Workers vs. Virus

ILO headquarters, Geneva

The COVID-19 pandemic has severely impacted millions of migrant workers in destination countries, many of whom have faced job loss or non-payment of wages, been forced to take unpaid leave or accept reduced wages, or been confined in poor living conditions, and with little or no choice in the work options before them.

According to the Sri Lanka Bureau of Foreign Employment (SLBFE), around 10,000 Sri Lankan migrant workers have lost jobs due to the pandemic and more Lankans are facing the risk of losing jobs.

Every year, over 200,000 migrant workers leave Sri Lanka for employment. The total number of migrant workers is currently around 1.7 million and their remittances which exceeded US $6 billion last year was the largest foreign revenue from a single sector.

In the face of the COVID-19 pandemic, while businesses face massive challenges of unprecedented scale, workers face even more challenges. The International Labour Organization (ILO) has predicted that the equivalent of 195 million full-time jobs will be lost in the second quarter of 2020. Workers in the informal economy, day labourers, migrants, temporary workers, and those without social security coverage are amongst those who are most severely affected.

The UN Guiding Principles on Business and Human Rights, which were unanimously endorsed by the UN Human Rights Council 2011, make clear both the duty of states and the responsibilities of companies to respect human rights. Principle 13 notes the responsibility to respect human rights and requires that business enterprises:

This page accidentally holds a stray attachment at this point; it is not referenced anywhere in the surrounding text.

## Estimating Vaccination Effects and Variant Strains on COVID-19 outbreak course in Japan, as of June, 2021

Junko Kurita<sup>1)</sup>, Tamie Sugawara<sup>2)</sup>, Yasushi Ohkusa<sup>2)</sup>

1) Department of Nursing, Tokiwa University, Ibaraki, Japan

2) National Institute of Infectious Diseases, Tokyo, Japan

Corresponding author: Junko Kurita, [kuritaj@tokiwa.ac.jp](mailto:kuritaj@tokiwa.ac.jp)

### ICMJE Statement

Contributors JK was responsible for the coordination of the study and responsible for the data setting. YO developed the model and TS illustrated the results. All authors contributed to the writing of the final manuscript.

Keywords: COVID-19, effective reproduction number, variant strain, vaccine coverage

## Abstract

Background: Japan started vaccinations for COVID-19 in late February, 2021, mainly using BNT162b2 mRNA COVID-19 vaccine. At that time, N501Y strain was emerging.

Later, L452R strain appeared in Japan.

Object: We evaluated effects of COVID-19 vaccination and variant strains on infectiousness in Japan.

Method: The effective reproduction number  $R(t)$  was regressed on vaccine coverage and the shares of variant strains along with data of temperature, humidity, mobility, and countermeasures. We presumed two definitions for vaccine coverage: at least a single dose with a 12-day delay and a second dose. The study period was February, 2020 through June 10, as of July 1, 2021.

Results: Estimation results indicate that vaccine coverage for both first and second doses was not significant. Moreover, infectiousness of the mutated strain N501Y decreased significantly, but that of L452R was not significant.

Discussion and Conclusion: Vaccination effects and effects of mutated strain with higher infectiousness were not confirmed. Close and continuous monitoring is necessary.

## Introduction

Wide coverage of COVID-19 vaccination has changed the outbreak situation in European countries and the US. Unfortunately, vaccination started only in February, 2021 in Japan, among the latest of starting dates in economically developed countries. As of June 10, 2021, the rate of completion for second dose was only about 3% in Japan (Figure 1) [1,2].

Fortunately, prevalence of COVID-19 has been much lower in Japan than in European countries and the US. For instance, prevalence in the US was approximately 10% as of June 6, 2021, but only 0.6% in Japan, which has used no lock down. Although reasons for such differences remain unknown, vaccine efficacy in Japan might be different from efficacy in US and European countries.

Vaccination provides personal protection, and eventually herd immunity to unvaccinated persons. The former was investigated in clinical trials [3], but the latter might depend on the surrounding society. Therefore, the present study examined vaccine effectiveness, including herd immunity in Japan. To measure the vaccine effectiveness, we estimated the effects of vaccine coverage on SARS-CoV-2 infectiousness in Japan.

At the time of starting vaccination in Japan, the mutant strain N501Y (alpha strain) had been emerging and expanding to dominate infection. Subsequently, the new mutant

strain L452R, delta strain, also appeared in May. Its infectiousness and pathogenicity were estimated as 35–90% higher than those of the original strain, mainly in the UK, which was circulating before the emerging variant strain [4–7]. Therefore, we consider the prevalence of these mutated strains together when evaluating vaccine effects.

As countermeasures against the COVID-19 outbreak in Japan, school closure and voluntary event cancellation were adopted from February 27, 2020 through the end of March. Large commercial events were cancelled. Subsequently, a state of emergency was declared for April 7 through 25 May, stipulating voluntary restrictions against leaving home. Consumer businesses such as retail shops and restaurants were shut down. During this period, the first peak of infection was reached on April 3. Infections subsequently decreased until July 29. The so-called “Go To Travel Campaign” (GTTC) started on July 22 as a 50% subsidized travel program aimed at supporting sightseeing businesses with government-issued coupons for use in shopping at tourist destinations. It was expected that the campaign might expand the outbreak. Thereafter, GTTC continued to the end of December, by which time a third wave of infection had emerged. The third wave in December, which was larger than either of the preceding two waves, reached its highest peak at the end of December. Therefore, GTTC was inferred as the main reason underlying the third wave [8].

(a) Avoid causing or contributing to adverse human rights impacts through their own activities, and address such impacts when they occur;

(b) Seek to prevent or mitigate adverse human rights impacts that are directly linked to their operations, products or services by their business relationships, even if they have not contributed to those impacts.

The COVID-19 pandemic has undoubtedly deeply affected businesses, many of whom had to permanently or temporarily close down, reduce the scale of their operations, or significantly cut their workforce. With the pandemic continuing to unfold, it has become increasingly difficult for employers to predict what the final impact on their struggling businesses will be. Entire sectors such as tourism, entertainment and aviation are at risk of being entirely wiped out if the current situation continues.

For migrant workers in particular, the pandemic has heightened pre-existing problems of wage theft. Some businesses have taken advantage of the current pandemic, to unlawfully dismiss and withhold the wages of the migrant workers that they employ. Many workers return home empty handed, having been coerced to forgo their due wages and benefits they were entitled to, while other continue to work under exploitative conditions and reduced wages for fear of losing their livelihood in the climate of a global economic recession.

Threat of wage theft